Explainer: How chip flaws Spectre, Meltdown work and what’s next

Published 12/01/2018 in Cybersecurity, Technology

Explainer: How chip flaws Spectre, Meltdown work and what’s next
A hooded man holds a laptop computer as blue screen with an exclamation mark is projected on him in this illustration picture taken on May 13, 2017. REUTERS/Kacper Pempel/Illustration

LAS VEGAS (Reuters) – Smartphones, PCs and servers across the world have received software updates in recent days to plug security gaps on computer chips that cyber security researchers have described as the most serious threat in years.

Researchers identified the problem last year, shared details with chip manufacturers last summer, and then made a public announcement Jan. 3.

What is the problem?

The vulnerabilities, known as Meltdown and Spectre, can allow passwords and other sensitive data on chips to be read. The flaws result from the way computers try to guess what users are likely to do next, a process called speculative execution.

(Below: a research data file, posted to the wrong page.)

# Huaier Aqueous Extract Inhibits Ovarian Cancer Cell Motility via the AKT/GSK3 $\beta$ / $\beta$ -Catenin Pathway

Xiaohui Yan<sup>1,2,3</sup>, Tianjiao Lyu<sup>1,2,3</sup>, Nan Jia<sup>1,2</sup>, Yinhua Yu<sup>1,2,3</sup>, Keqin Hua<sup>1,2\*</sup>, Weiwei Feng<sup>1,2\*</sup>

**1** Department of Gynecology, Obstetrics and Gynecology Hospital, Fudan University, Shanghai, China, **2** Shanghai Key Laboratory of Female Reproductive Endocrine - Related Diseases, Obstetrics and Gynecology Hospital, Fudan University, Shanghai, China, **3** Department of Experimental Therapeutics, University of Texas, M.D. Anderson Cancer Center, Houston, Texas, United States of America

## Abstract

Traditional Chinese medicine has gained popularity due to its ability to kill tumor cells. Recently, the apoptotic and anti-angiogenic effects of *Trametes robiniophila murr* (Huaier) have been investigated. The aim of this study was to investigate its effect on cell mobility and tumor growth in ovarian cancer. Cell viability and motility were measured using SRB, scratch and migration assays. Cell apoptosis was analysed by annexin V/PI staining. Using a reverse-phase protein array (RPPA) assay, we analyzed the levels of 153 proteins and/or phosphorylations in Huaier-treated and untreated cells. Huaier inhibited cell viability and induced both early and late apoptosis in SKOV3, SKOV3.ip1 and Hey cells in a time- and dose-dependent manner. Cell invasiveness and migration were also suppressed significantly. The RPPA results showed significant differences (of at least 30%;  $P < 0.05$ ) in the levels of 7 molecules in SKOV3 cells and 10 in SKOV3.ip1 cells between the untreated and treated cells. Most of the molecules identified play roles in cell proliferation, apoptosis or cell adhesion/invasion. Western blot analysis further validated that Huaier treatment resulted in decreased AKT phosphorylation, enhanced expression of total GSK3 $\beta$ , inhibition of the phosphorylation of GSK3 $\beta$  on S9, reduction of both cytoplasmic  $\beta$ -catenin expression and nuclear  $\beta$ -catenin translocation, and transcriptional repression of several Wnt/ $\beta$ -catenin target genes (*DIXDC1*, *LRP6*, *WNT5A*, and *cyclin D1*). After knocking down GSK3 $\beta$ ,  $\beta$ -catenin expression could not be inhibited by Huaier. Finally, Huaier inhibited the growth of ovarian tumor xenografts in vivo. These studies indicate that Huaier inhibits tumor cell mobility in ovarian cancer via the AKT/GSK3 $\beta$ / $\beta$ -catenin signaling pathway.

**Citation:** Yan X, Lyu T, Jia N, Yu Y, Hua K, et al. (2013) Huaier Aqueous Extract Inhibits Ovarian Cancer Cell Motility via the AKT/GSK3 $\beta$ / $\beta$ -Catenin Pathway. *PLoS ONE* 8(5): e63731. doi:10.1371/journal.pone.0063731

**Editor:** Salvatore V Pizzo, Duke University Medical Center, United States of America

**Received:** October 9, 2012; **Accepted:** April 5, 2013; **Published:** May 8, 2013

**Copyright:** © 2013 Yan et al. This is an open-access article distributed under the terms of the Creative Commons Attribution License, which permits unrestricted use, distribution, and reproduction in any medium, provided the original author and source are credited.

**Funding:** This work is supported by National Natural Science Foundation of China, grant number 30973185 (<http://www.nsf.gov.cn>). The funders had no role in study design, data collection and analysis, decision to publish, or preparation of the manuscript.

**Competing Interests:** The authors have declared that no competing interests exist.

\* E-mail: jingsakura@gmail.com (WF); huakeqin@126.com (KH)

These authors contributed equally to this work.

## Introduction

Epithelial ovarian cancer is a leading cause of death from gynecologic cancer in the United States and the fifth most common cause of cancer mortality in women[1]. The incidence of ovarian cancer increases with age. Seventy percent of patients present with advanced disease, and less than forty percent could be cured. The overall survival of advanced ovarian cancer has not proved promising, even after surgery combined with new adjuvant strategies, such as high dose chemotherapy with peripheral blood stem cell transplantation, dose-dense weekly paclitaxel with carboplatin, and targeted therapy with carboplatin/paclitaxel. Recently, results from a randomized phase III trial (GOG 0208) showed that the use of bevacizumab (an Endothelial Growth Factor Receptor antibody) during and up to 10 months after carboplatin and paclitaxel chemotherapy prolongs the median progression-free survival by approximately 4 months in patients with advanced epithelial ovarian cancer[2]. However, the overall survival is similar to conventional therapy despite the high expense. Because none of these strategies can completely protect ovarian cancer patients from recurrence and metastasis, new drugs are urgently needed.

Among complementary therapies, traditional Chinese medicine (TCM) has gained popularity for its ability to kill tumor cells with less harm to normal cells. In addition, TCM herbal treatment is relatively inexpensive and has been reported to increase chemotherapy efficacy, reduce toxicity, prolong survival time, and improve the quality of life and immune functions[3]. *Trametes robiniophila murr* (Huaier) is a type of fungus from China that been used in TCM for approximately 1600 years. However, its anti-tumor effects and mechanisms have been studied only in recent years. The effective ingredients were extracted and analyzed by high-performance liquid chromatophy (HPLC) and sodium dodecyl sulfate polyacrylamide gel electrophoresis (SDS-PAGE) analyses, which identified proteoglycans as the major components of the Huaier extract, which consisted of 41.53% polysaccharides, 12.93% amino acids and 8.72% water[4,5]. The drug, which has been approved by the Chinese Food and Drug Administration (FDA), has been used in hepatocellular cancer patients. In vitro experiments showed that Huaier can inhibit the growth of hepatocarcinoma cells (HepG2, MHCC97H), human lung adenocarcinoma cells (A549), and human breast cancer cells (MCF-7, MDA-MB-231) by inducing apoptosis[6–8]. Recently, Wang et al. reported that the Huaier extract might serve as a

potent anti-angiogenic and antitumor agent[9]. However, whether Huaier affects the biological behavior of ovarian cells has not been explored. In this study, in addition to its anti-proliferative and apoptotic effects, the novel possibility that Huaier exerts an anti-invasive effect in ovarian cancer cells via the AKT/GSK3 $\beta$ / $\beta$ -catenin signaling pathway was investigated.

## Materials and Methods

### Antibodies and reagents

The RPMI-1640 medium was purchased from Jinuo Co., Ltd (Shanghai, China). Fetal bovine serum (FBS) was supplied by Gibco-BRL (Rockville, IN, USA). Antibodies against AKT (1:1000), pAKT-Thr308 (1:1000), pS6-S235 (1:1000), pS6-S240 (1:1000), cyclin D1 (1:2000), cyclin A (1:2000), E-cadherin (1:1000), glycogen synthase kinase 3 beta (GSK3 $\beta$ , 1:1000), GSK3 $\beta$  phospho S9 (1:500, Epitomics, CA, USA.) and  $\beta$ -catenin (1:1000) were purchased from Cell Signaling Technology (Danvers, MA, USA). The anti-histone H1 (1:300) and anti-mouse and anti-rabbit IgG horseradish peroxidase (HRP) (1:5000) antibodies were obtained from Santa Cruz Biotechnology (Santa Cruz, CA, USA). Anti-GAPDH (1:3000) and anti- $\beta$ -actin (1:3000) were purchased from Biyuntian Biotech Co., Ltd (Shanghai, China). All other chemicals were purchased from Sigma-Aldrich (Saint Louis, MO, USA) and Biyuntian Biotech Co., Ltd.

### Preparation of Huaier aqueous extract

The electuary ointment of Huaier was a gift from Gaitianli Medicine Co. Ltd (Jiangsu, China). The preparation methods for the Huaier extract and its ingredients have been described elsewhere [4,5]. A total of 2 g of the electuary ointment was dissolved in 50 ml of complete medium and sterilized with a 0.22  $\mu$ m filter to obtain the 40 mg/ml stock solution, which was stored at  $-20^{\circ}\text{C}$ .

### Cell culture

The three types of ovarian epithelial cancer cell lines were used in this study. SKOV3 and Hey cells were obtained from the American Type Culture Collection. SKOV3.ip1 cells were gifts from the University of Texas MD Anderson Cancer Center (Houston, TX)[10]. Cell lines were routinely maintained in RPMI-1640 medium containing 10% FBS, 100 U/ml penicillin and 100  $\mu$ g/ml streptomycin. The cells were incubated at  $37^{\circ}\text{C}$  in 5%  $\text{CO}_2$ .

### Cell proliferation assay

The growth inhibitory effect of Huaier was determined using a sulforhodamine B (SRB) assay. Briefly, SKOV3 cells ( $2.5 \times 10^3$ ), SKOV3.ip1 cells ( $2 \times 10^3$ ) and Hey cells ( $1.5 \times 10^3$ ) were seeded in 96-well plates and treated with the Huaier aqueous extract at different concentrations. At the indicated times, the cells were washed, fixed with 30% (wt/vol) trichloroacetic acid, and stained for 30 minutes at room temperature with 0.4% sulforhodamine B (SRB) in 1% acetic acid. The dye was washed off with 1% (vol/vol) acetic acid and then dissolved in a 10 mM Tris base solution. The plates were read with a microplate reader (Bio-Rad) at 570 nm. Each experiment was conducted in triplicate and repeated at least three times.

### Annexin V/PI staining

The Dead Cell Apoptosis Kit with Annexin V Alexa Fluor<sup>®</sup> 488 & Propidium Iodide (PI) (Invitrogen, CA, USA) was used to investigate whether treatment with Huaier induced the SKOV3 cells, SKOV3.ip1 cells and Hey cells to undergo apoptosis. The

Simon Segars, the chief executive of chip designer ARM Holdings, described speculative execution as the equivalent of spinning a bunch of plates in the air, with the plates holding data.

Watching the order in which the plates land lets observers infer the data, he told Reuters during an interview on Wednesday at the tech industry’s CES conference in Las Vegas.

How bad is it?

The patches, however, do not always work with other software. For example, a fix for Spectre led to issues turning on some computers with AMD chips, and a Meltdown patch for Microsoft Windows required changes from antivirus makers.

What is being done to prevent similar problems in the future?

ARM’s Segars said his company has been tweaking designs for future chips to add “maximum flexibility.”

The biggest change is adding more transistors to chips, a negligible cost, to make it easier to turn chip features on and off, he said.

Giving yourself “maximum flexibility” means it will be easier to respond to future flaw discoveries, Segars said.

Chipmakers and operating system makers must also collaborate more. “What’s important to establish there is guidelines around how to write software so you don’t run afoul,” he said.

(Corrects paragraph 7 to say Intel chips are not the only products affected)

Print article

Leave a Reply

Please complete required fields